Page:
Legends of Granada’s Frontier: Pedro Venegas and Cidi Yahya Al Nayar (Don Pedro de Granada, d. 1506)

Friday, January 4, 2019: 3:50 PM
Grant Park Parlor (Palmer House Hilton)
Elizabeth Terry-Roisin, Austin College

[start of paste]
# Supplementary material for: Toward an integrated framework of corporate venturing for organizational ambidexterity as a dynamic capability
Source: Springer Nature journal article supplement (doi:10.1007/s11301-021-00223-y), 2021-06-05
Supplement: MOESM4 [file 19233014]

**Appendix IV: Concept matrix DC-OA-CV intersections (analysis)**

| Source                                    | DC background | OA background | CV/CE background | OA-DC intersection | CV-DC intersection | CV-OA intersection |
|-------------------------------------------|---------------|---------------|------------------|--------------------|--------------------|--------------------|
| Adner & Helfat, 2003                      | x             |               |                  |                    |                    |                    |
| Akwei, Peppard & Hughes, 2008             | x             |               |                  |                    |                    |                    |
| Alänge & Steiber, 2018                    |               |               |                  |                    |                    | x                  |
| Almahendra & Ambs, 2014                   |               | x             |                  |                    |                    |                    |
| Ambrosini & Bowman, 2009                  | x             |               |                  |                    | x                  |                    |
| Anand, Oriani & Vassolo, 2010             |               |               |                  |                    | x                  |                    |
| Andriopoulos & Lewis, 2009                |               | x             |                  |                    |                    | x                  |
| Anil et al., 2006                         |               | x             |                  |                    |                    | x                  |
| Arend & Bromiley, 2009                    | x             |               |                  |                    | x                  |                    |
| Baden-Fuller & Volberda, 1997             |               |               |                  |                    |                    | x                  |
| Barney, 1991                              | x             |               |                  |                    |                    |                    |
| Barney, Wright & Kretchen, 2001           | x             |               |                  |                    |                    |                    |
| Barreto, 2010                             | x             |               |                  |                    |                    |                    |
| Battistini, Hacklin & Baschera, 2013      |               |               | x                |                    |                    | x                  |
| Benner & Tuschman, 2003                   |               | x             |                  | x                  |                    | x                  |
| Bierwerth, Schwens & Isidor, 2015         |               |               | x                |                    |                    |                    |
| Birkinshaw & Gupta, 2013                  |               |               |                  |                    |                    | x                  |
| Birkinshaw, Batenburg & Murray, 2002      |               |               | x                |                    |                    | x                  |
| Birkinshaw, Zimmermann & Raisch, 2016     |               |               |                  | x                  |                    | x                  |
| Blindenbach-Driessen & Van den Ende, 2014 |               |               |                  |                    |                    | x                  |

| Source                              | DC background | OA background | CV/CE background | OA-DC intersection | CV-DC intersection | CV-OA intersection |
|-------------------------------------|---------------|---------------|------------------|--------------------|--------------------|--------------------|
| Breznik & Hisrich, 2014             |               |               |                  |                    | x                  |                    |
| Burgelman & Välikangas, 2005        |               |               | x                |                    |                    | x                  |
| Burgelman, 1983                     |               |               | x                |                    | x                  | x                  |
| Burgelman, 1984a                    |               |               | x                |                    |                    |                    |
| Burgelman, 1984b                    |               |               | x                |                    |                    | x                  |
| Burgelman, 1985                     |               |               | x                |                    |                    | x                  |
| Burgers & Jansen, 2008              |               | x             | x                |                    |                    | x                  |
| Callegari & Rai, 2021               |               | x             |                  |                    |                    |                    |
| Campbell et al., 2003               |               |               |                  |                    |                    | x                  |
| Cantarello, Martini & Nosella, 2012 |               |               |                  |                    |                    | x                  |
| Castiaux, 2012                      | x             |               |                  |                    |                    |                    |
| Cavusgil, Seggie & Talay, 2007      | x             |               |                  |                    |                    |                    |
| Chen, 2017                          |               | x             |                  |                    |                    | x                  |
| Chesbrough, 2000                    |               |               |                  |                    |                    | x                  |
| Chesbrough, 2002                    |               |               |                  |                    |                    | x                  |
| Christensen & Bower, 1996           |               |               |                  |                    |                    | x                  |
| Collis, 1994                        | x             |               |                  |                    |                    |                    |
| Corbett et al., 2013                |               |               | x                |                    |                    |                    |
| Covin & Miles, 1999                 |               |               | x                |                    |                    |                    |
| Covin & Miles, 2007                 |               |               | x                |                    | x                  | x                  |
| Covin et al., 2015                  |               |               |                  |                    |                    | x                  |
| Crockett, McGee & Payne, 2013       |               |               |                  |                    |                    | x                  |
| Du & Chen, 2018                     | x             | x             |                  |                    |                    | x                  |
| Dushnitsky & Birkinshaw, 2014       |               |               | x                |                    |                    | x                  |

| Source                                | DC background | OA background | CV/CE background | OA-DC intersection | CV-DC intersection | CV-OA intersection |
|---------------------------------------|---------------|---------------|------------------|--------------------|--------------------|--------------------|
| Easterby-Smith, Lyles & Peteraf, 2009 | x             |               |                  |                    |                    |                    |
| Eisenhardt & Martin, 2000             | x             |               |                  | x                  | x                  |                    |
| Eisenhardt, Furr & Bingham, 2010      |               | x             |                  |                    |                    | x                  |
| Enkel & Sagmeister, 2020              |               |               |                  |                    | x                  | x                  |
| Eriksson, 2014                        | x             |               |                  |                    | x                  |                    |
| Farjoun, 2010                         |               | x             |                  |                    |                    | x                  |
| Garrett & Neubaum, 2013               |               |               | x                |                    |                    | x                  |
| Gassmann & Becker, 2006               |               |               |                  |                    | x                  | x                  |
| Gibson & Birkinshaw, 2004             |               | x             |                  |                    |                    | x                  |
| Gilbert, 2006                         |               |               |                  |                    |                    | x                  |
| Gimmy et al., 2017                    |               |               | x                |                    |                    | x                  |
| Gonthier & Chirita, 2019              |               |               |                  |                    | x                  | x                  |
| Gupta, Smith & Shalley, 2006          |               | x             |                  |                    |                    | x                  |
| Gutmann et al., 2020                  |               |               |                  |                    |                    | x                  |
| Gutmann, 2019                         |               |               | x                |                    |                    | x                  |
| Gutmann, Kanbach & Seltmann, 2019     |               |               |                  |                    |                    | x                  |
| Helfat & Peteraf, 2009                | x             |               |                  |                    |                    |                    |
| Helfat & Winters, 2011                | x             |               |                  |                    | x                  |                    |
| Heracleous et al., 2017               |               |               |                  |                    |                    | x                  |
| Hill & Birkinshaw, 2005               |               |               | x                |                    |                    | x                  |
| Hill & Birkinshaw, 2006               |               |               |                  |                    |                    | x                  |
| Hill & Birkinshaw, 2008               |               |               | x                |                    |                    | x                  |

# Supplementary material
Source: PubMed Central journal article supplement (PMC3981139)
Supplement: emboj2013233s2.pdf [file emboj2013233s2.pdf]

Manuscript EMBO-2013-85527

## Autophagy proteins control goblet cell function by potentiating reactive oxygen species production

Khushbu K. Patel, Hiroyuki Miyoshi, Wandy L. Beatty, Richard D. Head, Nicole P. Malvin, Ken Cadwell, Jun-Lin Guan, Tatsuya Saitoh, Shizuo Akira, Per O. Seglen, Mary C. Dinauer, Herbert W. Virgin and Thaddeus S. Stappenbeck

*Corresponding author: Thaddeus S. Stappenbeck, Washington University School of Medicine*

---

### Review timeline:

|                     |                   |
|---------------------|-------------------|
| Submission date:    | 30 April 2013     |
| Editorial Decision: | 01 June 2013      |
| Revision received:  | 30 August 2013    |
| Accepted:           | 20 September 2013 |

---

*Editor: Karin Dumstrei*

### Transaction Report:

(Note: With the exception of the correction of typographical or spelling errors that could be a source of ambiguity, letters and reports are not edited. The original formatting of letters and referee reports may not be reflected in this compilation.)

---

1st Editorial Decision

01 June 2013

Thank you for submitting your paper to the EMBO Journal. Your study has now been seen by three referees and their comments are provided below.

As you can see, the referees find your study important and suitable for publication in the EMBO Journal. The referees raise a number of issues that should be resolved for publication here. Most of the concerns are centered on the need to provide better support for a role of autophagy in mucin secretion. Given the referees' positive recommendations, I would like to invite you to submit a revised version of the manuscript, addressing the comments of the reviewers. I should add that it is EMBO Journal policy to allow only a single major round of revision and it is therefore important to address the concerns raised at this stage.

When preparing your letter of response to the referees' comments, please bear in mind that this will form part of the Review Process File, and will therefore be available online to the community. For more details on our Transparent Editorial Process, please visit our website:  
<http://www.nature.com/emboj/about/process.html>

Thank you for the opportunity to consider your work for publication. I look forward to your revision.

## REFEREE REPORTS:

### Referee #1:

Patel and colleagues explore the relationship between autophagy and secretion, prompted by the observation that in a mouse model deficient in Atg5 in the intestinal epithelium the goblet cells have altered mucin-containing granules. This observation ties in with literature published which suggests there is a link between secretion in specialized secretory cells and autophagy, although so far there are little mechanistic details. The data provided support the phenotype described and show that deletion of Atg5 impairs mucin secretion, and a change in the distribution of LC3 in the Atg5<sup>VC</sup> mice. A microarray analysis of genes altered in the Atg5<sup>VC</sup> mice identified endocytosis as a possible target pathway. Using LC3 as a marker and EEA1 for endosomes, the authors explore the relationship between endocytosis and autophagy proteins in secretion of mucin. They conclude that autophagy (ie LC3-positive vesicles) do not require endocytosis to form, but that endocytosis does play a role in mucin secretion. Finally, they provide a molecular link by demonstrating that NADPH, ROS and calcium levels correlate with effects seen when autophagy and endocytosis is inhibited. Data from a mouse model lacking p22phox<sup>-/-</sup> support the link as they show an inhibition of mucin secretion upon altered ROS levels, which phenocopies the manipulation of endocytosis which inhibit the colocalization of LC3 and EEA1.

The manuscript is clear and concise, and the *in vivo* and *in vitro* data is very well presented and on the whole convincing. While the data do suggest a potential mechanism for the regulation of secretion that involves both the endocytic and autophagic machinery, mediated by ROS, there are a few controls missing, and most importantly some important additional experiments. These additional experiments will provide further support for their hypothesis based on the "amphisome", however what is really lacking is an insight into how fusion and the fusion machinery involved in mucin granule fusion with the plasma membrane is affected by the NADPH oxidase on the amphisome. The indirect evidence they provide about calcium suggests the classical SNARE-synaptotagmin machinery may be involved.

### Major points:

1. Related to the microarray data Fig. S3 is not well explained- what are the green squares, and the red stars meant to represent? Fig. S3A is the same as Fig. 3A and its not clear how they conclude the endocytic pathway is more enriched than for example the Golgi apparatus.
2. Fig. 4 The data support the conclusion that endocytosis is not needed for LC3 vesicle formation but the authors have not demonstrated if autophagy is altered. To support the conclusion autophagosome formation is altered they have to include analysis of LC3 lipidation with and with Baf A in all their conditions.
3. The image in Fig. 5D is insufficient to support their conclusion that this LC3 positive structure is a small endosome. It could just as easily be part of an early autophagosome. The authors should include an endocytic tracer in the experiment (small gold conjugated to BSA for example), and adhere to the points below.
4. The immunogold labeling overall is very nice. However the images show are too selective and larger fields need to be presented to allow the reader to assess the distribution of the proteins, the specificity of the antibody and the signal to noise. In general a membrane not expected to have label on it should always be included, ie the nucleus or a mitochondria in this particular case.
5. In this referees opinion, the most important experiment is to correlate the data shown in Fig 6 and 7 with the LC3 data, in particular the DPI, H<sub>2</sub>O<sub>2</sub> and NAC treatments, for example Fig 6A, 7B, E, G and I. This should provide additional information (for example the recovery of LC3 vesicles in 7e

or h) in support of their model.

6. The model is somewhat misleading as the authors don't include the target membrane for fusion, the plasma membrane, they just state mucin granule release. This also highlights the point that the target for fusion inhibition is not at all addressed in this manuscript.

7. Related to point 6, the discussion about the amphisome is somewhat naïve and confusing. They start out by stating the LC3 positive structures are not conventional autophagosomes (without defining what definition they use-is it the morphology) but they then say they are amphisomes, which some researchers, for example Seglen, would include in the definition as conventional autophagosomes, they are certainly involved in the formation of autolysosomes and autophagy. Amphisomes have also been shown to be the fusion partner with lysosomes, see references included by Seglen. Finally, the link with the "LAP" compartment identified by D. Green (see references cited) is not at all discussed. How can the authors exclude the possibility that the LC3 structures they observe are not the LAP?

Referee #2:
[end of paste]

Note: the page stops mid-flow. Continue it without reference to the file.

In the frontier between Christian Castile and Nasrid Granada, there were individuals like Pedro Venegas and Cidi Yahya Al Nayar, who had a direct effect on politics and war when they crossed over, or changed allegiance. According to a chronicle of Juan II, a boy named Pedro Venegas had been born in Christian Córdoba in the family of the lord of Luque, but at the age of eight was captured by Muslims and raised at the Nasrid court. Pedro married a sister of Sultan Yusuf IV, Cetti Merien, and helped to arrange the vassalage agreement between Yusuf IV and Juan II. Yusuf IV was a frequent visitor at the court of Juan II, and the two had a peaceful relationship during Yusuf’s brief reign, 1431-1432. Yusuf IV’s son, Abencelim Abrahén Al Nayar, married Fatima, a daughter of Sultan Ismail. They had a son named Cidi Yahya Al Nayar, who in 1460, married Cetti Merien Venegas, the daughter of Pedro Venegas and Cetti Merien, the sister of Yusuf IV. His wife was thus of his father’s generation, and both had royal Nasrid blood. During the war for Granada, Cidi Yahya defended and then surrendered the city of Baza to Ferdinand of Aragon in 1489. He converted to Christianity in secret, and encouraged his brother-in-law El Zagal to surrender Almería to Ferdinand. When he entered Granada with the conquerors, Cidi Yahya called himself Don Pedro de Granada. He and his wife founded the Granada Venegas family, who became one of the primary families of the Morisco “collaborator elite.” Thus, a Nasrid family and faction entered Castilian society. This paper will use a variety of primary sources including chronicles and wills and vassalage contracts to disentangle the stories of Pedro Venegas and Cidi Yahya in the fifteenth century, their hybrid identities and conversions.